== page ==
For a few years in the mid-2000s, David Horowitz was one of the most prominent figures on the campus scene. He didn’t have a PhD and he didn’t belong to any discipline or department.
He was, instead, a hard left activist in the 1960s and part of Black Panther leader Huey Newton’s inner circle. Then, after breaking with the Panthers, Horowitz authored his memoir Radical Son, and founded the Center for the Study of Popular Culture (now the Freedom Center).
None of those activities made it onto the radar of academics in the 1990s and just after the turn of the century. Few professors at that time paid much attention to intellectual discourse outside their fields and criticism of the academic enterprise at large. If they came across Horowitz’s name and read that he disliked the shift of the humanities toward political matters or that he was a militant Sixties socialist who’d gone over to the Right in middle age, that was enough for them to ignore him.
For most of his post-left adulthood, Horowitz had aimed his criticisms at radical politics and ideas generally. He knew that the New Left in the Sixties found the campus a congenial place for protest and utopianism, but it didn’t seem to have triumphed there all that much in the following decades. In the 1990s, however, he began focusing more and more on higher education as a particularly vulnerable spot.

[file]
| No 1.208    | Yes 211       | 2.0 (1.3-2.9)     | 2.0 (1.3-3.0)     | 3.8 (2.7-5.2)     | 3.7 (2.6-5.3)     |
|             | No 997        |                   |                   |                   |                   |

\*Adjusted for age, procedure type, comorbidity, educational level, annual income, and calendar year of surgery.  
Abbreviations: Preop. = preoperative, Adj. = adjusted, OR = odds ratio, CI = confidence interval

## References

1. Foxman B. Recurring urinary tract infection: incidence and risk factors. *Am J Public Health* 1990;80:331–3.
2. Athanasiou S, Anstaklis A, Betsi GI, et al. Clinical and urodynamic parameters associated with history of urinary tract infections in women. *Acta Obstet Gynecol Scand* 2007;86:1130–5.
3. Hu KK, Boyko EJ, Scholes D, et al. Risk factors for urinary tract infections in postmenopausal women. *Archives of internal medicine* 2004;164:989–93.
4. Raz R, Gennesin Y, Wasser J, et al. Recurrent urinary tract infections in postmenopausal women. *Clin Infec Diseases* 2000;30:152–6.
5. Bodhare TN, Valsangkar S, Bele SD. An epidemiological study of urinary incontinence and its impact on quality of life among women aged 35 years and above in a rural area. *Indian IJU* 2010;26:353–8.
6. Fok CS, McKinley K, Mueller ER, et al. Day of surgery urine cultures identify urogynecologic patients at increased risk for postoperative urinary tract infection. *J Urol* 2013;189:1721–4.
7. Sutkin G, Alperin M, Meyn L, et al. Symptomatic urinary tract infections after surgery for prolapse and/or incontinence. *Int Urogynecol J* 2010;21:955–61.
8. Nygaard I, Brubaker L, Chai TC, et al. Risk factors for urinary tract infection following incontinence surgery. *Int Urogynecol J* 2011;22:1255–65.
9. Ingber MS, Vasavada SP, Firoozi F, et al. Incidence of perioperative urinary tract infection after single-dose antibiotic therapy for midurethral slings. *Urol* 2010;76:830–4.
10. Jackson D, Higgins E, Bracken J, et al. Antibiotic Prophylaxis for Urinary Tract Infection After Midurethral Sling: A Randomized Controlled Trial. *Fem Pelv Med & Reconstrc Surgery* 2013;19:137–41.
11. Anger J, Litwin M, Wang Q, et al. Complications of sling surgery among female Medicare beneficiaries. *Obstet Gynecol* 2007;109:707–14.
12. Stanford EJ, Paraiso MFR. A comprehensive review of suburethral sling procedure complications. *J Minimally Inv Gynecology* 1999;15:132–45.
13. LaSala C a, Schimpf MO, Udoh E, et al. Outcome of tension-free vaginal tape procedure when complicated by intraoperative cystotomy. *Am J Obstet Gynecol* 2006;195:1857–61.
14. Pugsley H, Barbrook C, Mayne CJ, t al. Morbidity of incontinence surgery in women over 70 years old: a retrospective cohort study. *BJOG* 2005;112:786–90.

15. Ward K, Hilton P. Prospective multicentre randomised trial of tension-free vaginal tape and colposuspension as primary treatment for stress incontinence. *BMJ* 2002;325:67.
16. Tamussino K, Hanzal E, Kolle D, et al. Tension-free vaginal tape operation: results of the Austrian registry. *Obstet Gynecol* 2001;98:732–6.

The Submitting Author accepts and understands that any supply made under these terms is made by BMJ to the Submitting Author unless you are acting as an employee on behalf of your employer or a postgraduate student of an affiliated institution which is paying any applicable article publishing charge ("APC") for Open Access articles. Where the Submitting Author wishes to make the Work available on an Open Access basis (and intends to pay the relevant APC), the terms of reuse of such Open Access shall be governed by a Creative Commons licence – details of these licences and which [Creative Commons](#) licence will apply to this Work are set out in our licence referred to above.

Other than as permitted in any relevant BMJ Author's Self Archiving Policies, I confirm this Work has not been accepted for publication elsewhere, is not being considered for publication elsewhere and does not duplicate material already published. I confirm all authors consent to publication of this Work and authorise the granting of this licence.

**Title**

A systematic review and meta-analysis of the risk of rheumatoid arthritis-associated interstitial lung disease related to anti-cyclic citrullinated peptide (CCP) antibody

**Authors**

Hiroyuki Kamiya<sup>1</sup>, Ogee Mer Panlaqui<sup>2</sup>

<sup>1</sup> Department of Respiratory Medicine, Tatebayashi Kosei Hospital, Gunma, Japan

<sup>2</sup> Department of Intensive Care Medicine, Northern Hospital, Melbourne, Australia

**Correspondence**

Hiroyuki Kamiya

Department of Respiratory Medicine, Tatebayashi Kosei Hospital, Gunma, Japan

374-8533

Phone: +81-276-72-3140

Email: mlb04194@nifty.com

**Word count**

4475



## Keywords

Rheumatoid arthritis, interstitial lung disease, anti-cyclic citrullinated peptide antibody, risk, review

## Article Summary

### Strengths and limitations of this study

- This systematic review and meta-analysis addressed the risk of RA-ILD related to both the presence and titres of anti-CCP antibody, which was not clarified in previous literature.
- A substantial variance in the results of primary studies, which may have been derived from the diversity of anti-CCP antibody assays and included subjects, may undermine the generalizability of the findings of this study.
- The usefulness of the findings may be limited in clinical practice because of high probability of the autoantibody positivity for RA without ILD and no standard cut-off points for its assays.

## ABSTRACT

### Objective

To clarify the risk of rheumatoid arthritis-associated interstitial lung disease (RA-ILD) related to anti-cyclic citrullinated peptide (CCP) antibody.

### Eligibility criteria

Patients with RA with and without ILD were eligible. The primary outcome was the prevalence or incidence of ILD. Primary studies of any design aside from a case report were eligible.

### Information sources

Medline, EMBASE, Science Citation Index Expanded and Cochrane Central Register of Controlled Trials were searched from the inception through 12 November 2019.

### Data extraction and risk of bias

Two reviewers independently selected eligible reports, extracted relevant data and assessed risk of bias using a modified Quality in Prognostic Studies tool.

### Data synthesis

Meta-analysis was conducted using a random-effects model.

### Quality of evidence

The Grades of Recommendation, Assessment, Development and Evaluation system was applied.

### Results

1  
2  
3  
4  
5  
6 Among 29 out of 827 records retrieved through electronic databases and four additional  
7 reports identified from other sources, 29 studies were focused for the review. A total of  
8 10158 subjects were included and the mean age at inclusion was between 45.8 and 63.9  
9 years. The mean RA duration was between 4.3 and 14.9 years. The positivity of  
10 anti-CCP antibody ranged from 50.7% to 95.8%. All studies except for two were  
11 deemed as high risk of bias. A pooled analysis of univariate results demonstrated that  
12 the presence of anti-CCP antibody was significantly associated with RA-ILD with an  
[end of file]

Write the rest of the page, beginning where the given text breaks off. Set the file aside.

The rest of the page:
By 2005, Horowitz was in the education press all the time and speaking on campuses everywhere. The Left could no longer ignore him.
For my own part, I witnessed identity and sexuality studies burgeon in the humanities in the late-1980s and thought at the time that nobody outside their little coterie would ever pay attention to them. Other conservative critics of academia laughed about how the humanities in the 1980s and 1990s had become the place where failed Marxist visions settled down to die.